We use still to show that something continues up to a time in the past present or future. It goes in front of the main verb:

The children still enjoyed playing games.
They are still living next door.
We will still be on holiday.

… or after the present simple or the past simple of be:

Her grandfather is still alive.
They were still unhappy.

We use already to show that something has happened sooner than it was expected to happen. Like still, it comes before the main verb:

The car is OK. I’ve already fixed it.
It was early but they were already sleeping.

… or after the present simple or past simple of the verb be:

It was early but we were already tired.
We are already late.

We use yet in a negative or interrogative clause, usually with perfective aspect (especially in British English), to show that something has not happened by a particular time. yet comes at the end of the sentence:

It was late, but they hadn’t arrived yet.
Have you fixed the car yet?
She won’t have sent the email yet.

Exercise

Comments

Dear teachers,
First of all, I want to say Happy New Year to you. Hope u have a blessful year.
btw, I just want to ask how to use "yet" as a conjunction?
I once made this sentence in my essay : "These measures are thought to be less expensive yet effectively provide a direct benefit for...."
A friend of mine said that it is false and he suggested me adding "can" after the "yet": "....less expensive yet can effectively provide..."

Is it true that my original sentence was false? why does adding" can" help correct it?
Thank you

Hi jiyi

There's a useful explanation of how to use 'yet' as a conjunction on this archived BBC World Service page that I'd suggest you take a look at.

You could add 'can', as your friend says, but in my opinion it doesn't make a big difference. If I were writing the sentence you mention and I wanted to use 'yet', I'd probably say something like 'These measures are thought to be less expensive and yet directly benefit the villagers'. Or a version I like even better is 'Despite their lower cost, these measures directly benefit the villagers'.

All the best

Kirk

The LearnEnglish Team

Hi there,
Consider this "I will still be practicing law." Now we use still word after "be verb" but this seems a special scenario, and why "I'll still practicing law" is not correct? please explain.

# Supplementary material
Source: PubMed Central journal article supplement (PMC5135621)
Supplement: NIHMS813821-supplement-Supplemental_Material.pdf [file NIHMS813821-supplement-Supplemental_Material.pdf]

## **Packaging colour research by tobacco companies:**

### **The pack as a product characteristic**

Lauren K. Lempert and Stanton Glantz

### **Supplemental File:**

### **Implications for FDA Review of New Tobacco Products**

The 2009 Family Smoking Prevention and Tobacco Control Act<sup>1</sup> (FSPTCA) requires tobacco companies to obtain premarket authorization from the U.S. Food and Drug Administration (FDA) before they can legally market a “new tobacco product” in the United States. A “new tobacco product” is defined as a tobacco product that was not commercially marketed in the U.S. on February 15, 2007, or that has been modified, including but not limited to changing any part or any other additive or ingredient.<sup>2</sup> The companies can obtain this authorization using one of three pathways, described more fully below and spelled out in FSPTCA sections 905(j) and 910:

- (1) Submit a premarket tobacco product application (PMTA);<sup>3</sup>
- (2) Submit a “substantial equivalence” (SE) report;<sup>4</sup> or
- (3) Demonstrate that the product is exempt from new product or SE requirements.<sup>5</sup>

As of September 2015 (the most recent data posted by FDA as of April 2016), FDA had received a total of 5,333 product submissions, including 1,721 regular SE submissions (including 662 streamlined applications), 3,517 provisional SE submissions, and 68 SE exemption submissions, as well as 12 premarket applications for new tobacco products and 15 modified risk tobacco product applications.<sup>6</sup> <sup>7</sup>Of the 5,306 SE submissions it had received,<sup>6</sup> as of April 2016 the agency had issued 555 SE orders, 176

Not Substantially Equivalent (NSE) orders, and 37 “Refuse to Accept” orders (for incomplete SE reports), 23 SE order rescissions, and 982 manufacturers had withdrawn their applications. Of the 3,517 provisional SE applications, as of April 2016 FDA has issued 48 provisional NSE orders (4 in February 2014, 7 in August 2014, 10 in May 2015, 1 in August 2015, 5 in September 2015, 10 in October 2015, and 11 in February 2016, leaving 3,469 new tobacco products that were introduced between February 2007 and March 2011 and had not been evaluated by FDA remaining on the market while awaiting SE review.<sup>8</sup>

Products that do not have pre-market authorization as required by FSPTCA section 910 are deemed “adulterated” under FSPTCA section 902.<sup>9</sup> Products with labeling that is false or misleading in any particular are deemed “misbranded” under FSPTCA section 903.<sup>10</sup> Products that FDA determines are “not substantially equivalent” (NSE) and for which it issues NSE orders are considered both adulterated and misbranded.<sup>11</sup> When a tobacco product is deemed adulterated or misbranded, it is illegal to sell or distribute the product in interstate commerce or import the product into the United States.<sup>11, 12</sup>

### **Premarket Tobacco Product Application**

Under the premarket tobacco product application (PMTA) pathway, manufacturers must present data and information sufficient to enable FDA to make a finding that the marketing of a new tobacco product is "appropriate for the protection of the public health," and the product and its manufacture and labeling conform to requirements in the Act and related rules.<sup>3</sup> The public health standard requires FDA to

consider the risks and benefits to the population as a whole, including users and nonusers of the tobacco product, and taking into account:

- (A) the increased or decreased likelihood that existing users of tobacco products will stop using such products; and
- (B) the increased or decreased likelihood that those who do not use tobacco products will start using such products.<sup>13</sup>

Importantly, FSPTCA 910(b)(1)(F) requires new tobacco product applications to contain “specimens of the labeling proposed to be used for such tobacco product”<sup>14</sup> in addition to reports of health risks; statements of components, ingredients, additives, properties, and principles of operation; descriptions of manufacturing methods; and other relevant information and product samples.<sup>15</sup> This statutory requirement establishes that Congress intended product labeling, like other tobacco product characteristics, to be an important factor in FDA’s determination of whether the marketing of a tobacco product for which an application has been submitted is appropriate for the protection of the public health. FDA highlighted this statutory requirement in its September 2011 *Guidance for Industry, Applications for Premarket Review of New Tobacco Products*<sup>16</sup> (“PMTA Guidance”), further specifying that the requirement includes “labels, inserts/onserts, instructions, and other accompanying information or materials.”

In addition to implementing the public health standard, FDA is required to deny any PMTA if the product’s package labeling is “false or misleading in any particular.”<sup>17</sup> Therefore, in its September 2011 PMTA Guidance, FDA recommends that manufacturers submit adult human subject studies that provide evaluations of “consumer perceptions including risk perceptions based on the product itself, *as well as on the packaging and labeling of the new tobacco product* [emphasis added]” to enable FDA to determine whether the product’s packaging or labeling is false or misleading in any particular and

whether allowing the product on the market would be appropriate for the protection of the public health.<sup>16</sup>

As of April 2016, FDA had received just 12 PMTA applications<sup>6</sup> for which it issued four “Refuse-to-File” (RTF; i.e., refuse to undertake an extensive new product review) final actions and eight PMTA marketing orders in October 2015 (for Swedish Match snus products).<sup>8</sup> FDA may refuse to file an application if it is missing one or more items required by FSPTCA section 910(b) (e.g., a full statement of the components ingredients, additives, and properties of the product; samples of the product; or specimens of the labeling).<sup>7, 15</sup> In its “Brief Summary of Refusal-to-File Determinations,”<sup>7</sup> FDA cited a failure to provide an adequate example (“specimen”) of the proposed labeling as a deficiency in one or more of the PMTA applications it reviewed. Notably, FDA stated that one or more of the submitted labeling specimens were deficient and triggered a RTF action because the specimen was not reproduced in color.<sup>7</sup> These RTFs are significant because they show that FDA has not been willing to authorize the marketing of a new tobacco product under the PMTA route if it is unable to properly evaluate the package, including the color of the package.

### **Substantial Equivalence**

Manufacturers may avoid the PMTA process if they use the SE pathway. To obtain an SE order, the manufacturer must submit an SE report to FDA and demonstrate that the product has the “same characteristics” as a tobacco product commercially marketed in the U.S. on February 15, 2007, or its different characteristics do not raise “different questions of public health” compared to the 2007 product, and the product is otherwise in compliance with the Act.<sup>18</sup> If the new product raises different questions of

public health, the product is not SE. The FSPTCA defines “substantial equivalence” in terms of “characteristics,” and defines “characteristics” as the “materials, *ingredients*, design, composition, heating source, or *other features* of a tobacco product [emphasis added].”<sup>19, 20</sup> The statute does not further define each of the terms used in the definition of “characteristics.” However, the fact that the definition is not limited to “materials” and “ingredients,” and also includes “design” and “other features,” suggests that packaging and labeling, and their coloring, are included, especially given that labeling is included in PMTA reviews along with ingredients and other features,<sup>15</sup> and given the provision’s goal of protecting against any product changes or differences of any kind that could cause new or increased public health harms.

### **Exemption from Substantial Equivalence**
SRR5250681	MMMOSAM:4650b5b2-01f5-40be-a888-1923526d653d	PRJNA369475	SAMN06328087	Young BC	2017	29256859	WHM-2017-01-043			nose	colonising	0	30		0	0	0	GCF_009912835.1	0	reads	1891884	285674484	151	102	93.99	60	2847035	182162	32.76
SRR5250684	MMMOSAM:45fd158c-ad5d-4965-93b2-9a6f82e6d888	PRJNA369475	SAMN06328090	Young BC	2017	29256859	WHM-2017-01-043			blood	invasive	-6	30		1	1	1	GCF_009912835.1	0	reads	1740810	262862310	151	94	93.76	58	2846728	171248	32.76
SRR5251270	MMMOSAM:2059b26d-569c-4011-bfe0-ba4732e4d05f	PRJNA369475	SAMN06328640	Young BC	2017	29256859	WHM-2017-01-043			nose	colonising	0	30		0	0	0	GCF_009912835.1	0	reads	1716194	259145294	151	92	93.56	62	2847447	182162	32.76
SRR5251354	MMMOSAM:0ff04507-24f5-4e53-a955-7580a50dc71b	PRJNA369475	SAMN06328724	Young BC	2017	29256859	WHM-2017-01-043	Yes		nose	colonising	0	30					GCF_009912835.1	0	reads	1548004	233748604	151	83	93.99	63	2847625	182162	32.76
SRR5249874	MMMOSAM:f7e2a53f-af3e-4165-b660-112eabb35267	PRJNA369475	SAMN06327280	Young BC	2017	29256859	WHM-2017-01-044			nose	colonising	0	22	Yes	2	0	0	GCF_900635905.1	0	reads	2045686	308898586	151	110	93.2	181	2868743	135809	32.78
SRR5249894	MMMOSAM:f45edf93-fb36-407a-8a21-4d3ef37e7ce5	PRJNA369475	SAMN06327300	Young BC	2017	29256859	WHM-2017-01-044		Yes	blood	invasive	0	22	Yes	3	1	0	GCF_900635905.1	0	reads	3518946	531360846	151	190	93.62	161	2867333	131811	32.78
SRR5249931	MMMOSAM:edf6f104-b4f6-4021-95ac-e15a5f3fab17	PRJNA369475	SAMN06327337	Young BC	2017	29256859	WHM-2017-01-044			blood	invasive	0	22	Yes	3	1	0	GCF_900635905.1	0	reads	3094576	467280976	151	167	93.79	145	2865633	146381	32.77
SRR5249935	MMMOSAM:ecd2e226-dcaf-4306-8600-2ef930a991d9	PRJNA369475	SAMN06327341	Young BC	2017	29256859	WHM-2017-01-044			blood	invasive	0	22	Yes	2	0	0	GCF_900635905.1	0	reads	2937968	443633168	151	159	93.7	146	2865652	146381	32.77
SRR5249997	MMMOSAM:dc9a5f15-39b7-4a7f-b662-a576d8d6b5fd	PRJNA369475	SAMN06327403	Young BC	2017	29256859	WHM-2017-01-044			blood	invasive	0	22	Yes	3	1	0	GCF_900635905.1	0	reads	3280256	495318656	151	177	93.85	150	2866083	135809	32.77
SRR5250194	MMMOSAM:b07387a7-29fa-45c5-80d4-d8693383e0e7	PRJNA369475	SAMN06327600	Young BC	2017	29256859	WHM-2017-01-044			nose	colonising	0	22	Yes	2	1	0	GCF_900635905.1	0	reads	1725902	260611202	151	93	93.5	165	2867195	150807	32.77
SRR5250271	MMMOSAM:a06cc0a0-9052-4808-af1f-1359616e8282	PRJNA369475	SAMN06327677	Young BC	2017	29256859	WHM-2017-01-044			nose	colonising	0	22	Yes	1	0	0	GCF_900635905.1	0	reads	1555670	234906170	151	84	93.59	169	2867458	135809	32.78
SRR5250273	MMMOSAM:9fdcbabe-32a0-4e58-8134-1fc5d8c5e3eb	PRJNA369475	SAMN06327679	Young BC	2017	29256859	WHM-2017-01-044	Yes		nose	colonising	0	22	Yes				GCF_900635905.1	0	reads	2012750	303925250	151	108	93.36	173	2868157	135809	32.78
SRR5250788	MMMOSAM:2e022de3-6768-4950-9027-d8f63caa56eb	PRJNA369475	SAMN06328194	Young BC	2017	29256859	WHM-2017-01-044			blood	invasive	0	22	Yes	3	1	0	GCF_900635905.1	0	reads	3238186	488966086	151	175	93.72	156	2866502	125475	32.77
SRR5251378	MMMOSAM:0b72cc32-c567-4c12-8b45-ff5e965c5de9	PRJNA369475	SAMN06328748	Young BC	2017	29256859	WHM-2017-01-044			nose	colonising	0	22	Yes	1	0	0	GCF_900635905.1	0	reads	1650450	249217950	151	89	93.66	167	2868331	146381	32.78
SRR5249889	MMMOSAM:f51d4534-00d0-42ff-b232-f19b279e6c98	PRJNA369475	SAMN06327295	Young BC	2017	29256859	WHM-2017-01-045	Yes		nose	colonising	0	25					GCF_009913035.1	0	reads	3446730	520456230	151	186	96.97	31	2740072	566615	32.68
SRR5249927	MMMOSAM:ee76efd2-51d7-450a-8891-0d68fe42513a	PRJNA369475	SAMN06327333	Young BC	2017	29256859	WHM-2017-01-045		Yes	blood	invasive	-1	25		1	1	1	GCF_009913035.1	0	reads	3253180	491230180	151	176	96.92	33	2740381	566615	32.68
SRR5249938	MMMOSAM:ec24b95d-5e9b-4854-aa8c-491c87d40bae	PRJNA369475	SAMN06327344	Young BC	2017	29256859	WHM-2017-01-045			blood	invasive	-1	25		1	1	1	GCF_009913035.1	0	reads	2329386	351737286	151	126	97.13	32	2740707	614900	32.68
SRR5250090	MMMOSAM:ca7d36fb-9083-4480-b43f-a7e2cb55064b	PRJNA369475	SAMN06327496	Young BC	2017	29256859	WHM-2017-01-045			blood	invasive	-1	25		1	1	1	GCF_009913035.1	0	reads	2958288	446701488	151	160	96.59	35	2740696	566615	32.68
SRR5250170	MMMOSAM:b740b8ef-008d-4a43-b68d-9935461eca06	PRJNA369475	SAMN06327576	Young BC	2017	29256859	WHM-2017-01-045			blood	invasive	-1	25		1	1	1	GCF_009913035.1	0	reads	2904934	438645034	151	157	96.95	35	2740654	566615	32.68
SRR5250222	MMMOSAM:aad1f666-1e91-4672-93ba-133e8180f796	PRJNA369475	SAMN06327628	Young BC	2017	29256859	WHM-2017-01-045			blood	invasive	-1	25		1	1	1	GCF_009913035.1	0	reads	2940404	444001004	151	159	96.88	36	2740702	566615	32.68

Thanks
Sajad.

Hello Sajad,

'I'll still practising law' is not correct -- the word 'be' cannot be omitted. This is a future continuous form and 'still' indicates that this person's practice of the law will continue at that point in time. Many adverbs go between the auxiliary verb (in this case, 'will') and the main verb form (in this case 'be practising').

All the best,
Kirk
The LearnEnglish Team

Dear team :
am a little confused about the difference between with the 5th and 4th question ,can i change the answer about them ?

Hello jiaojiaopeter,

In questions, we can use both already and yet to express surprise, but we use the former with positive verb forms and the latter with negative. For example:

Has she arrived already? I didn't expect that.

She isn't there yet? She's late.

Both of these sentences show surprise.

We can use yet in positive questions, but it is more neutral and does not show surprise:

Has she arrived yet?

 

In the context in the task, question 4 is a normal question. It would be grammatically fine to use already but there is no reason to add surprise to the sentence, so yet is suitable. Question 5, on the other hand, has a context which clearly shows surprise ("400 pages long!"), so already is appropriate.

Have they made a decision yet?

Have you finished that book already?

 

Peter

The LearnEnglish Team

Dear Team,

I have a question regarding the use of 'yet'. As you've pointed it out, 'yet' is usually placed at the end of a sentence, however, I have seen variations to this.

We may take this for example:
I have been working hard but I am yet to see the results.

Do you approve of this?

Thank you.

Hello mou,

Yes, that is correct. There is an explanation of 'be yet to' on this page of the Cambridge Dictionary.

All the best,
Kirk
The LearnEnglish Team

Hi guys!! I am bit confused about the possible meanings yet may indicate when used in a sentence when meaning other than the one mentioned above in the grammar explanation. For instance, the one I quite below from Poe's "The Purloined Letter":

"oh, Dupin you will be the death of me yet!"

Could you please shed some light on this?

Thanks

Hello Siveboy,

It's not very common to use 'yet' in affirmative sentences, which is why it's not explained above. When it is used, usually in more formal or literary contexts, it shows that we think a situation is continuing and that this is contrary to our expectations. 

I'm afraid I don't remember The Purloined Letter well enough to be able to explain this sentence in context. Does it make sense in that light? If not, please let us know.

All the best,
Kirk
The LearnEnglish Team

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